There are about 24,000 Californians the attorney general’s office knows about who possess guns and legally shouldn’t. But it can’t recruit enough state officers to grab the weapons and make a dent in the list. The job is dangerous and the pay isn’t competitive.

“We have the most restrictive gun laws in the country,” says Sacramento County Dist. Atty. Anne Marie Schubert, who’s running for attorney general as an independent. “But you have to have the funding to take the guns off the street. There are ghost guns everywhere right now.”

As Skelton notes, the state’s Armed Prohibited Persons system has a list of well over 20,000 individuals who the state believes are in illegal possession of firearms right now, and yet the number of individuals on that list continues to grow, not shrink. Most of the issues can’t be blamed simply on not having enough state resources to go out and grab all the guns, either. The real problem is that the entire system is basically FUBAR at this point, as attorney Matthew Cubeiro detailed last year. Here are his conclusions, but I’d encourage you to read his entire report at The Truth About Guns.

While CA DOJ’s report attempts to cast the APPS program in a favorable light, a detailed analysis paints a different picture. CA DOJ has attempted to explain the drop in results for factors outside of its control, largely due to COVID-19. But the effectiveness of the APPS program has been declining since its inception—well before the pandemic.

More importantly, none of the case examples provided by DOJ in the report suggest the individual was misusing their firearm(s) or had any violent intentions. Instead, their only crime appears to have been caught up in the myriad of gun-control laws labeling them a “prohibited person” by the state of California.

Perhaps California’s limited law enforcement resources would be better spent addressing the actual criminal misuse of firearms, or even better, educating California gun owners on the knowledge, skills, and attitude necessary for the safe and legal use of firearms.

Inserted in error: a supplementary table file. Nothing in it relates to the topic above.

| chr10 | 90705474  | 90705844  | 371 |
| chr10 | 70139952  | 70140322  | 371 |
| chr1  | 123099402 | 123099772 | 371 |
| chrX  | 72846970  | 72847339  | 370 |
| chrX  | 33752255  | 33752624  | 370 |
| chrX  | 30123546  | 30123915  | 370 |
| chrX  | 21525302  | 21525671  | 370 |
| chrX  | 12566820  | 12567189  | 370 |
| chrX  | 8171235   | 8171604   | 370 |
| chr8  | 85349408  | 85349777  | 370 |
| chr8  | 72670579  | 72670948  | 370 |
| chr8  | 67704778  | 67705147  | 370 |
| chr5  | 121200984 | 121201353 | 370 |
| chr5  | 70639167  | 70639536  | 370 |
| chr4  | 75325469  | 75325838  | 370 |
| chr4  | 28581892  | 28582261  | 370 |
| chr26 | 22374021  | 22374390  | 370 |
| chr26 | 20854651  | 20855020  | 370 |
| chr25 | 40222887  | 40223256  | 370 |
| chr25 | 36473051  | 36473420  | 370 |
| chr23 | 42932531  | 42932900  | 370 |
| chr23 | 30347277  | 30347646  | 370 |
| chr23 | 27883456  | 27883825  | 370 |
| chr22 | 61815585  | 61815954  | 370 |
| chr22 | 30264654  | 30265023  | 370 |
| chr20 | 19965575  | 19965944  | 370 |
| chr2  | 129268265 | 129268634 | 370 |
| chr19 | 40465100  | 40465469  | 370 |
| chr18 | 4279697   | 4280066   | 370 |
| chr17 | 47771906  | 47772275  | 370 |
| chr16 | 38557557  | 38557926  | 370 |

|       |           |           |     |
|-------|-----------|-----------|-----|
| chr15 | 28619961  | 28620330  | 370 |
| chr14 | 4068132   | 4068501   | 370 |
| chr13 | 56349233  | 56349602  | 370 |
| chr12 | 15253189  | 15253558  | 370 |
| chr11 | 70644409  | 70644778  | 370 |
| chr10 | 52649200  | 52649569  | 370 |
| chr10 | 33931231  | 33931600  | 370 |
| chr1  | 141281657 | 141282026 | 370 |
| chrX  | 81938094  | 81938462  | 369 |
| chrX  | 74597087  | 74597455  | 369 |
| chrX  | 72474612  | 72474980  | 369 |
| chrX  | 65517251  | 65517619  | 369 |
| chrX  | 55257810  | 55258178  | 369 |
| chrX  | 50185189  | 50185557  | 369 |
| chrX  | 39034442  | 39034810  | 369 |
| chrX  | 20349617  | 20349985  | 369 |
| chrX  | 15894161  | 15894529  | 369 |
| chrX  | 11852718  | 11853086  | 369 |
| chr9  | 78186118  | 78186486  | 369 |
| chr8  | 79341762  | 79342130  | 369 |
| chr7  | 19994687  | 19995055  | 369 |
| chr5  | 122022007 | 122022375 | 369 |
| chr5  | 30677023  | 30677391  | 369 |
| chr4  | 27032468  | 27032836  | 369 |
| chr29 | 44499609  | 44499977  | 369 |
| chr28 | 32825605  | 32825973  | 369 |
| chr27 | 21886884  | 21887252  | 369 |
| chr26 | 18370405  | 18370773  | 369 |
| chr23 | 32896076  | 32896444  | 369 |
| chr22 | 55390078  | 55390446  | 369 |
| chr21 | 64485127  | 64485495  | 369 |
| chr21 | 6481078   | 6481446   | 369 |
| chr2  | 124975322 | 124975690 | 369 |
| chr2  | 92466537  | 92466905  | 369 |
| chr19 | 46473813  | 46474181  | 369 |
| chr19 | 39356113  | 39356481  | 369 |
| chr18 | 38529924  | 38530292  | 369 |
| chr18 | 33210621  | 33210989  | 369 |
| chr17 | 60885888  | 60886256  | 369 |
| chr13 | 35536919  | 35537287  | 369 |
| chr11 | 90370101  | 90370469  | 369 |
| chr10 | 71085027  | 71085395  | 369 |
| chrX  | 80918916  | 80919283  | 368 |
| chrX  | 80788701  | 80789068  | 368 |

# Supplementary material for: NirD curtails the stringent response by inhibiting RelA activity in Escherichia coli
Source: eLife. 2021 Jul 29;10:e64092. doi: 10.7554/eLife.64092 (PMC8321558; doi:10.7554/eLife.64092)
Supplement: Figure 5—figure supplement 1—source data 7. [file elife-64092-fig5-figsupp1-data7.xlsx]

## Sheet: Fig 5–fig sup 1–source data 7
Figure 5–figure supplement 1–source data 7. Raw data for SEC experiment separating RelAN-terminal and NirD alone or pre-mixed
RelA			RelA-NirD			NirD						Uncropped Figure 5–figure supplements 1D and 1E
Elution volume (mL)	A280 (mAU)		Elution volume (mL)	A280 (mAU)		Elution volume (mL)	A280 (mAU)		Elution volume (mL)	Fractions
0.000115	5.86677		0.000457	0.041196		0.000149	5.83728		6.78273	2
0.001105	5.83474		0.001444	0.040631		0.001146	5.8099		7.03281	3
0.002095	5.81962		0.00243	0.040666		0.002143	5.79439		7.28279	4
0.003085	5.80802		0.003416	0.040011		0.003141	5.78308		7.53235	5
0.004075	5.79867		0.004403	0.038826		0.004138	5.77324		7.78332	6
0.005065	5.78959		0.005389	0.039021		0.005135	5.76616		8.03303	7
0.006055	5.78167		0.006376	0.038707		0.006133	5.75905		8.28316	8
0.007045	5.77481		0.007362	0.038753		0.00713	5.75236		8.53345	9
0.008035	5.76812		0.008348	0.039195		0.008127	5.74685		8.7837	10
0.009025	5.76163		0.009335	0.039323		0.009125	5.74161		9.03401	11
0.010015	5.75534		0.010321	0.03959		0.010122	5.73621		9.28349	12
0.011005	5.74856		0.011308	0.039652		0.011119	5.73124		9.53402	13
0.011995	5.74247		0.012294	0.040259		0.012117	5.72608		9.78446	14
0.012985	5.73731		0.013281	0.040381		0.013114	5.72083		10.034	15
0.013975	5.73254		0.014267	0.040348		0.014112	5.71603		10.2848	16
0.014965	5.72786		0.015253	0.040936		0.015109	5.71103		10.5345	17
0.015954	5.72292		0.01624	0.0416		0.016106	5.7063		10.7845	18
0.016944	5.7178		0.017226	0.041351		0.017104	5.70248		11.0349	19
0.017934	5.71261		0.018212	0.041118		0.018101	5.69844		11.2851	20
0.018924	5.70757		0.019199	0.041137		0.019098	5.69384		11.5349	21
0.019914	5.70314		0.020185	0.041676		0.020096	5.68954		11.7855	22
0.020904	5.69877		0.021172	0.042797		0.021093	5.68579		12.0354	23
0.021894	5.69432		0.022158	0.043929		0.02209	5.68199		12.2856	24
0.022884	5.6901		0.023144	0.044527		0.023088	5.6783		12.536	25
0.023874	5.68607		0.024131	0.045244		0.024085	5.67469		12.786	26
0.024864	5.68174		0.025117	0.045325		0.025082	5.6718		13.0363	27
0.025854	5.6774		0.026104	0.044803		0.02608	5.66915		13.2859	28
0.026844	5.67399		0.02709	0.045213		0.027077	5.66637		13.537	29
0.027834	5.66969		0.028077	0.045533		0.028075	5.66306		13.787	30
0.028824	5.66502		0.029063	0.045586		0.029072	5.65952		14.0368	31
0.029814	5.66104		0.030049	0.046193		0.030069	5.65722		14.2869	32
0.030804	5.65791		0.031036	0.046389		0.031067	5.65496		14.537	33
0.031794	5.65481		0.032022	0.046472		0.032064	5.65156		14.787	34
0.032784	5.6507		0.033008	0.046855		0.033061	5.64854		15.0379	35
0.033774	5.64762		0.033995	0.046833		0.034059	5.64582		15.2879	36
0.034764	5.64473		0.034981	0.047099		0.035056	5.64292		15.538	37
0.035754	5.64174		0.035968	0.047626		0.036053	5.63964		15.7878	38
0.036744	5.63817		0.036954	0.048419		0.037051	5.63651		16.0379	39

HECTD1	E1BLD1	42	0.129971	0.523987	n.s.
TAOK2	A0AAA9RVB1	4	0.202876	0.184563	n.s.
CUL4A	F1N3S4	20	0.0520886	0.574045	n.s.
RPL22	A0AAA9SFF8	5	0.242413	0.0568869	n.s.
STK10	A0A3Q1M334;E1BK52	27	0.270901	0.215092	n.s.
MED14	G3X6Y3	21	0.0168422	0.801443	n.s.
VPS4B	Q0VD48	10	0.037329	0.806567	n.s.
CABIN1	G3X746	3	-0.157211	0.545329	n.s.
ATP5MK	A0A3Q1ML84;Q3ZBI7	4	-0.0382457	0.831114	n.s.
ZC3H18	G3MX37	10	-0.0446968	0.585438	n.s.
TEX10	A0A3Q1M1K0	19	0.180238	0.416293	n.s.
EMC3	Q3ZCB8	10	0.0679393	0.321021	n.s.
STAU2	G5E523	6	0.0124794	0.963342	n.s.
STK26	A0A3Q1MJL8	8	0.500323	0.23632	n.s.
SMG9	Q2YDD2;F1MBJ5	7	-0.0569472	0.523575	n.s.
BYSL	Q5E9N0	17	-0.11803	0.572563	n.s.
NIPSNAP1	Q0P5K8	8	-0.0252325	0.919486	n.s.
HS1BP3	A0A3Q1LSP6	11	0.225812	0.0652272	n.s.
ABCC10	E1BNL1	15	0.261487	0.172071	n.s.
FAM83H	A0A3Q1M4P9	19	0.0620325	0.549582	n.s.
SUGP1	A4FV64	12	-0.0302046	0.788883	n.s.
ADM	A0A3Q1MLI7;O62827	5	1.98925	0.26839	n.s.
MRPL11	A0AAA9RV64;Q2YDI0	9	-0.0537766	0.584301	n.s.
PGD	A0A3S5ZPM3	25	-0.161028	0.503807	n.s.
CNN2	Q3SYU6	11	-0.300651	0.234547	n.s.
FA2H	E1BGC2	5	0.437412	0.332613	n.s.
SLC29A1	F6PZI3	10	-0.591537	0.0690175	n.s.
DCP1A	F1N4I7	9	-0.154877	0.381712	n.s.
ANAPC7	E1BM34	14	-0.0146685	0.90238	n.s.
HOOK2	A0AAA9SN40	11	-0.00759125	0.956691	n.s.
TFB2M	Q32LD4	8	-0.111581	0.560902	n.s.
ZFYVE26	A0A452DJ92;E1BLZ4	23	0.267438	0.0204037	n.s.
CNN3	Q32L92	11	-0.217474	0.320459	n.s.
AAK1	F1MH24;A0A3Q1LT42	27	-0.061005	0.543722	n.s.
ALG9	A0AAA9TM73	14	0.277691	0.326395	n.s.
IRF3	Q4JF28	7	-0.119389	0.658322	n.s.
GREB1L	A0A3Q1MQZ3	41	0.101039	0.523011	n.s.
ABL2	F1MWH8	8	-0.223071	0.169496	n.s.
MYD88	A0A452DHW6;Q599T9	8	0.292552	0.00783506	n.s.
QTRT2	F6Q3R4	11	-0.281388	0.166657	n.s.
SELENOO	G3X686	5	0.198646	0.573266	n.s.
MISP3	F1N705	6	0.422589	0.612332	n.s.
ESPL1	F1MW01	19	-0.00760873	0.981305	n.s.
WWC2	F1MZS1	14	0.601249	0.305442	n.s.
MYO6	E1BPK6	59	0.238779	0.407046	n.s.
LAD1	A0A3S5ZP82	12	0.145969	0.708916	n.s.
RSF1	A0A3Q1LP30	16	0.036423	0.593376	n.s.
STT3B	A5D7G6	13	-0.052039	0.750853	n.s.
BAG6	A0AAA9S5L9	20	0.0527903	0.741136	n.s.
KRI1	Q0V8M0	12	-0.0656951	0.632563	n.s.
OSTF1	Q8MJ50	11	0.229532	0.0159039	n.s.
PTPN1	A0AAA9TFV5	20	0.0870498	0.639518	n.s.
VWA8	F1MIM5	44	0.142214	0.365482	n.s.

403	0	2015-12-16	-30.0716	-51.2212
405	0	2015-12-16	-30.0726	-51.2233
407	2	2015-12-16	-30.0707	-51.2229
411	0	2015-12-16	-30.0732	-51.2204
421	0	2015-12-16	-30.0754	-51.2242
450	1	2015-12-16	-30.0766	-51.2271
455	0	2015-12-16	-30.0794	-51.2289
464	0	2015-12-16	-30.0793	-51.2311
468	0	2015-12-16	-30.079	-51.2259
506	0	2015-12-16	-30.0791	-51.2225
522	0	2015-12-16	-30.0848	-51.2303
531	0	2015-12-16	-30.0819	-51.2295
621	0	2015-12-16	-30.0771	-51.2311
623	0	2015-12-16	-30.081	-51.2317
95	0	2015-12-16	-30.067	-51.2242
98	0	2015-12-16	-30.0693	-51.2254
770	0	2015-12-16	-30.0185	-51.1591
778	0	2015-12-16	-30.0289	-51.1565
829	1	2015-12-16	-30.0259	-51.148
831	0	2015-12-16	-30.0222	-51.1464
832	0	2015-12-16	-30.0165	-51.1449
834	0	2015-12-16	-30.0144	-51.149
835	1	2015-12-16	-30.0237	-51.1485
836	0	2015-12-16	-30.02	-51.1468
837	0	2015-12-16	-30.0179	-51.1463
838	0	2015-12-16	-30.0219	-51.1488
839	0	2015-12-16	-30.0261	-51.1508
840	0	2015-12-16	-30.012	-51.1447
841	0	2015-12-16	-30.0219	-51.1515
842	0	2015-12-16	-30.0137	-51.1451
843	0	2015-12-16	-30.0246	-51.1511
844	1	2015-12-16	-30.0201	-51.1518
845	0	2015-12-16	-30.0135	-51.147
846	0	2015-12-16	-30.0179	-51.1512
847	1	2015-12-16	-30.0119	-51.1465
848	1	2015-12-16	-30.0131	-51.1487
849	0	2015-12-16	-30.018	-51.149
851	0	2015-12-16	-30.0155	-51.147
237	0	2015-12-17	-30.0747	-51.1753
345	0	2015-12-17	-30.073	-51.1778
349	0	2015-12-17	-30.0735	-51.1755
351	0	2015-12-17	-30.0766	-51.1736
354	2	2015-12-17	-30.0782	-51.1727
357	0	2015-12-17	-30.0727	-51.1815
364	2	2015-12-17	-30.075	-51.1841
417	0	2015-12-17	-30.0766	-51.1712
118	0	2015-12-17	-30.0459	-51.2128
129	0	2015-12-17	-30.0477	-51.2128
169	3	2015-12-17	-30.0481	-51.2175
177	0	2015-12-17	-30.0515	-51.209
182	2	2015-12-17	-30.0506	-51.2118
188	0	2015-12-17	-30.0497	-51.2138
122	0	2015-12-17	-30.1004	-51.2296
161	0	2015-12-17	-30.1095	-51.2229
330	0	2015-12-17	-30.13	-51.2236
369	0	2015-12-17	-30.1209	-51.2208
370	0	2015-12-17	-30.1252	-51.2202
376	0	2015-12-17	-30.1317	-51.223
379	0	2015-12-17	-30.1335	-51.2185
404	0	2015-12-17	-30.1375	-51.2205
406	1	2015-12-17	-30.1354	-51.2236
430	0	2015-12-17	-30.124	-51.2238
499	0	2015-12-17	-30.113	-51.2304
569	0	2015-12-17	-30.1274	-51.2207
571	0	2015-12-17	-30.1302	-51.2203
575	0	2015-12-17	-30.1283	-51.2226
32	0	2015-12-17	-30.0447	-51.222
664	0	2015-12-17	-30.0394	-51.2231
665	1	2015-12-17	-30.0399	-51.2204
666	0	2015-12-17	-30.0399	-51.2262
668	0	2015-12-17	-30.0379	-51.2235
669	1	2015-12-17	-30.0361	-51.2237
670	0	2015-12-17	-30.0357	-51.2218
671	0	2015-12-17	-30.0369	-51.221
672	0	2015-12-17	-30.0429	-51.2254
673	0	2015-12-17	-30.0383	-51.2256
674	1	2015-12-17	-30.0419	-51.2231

Beyond sidestepping the fundamental flaws in California’s APPS program, Skelton ignores the fact that the vast majority of the state’s restrictions on guns are A) aimed at legal gun owners and B) almost impossible to proactively enforce. The press is making a big deal of the fact that Mora possessed a “ghost gun,” for instance, but I’ve seen virtually no mention of California’s law requiring background checks on ammunition sales, which clearly didn’t prevent the killer from illegally obtaining bullets for his illegally-acquired rifle. Why would Skelton or anyone else believe that a law imposing more legal penalties on the possession of home-built guns would have any impact on violent criminals; or at least any impact that would stop them from carrying out their monstrous deeds?

It’s not a lack of funding that’s preventing these laws from being effective. Their failure is an inherent part of the law itself. These types of restrictions that focus on the inanimate object are never going to stop the individuals responsible for acts of violence, and after 60 years in politics I would have thought that Skelton would have figured that out by now, no matter how liberal his political leanings. Gun control has nothing to do with crime prevention. In fact, considering that gun control laws generally create new criminal offenses out of our right to keep and bear arms, I’d argue that the California’s gun control regime has done far more to fuel crime than fight it.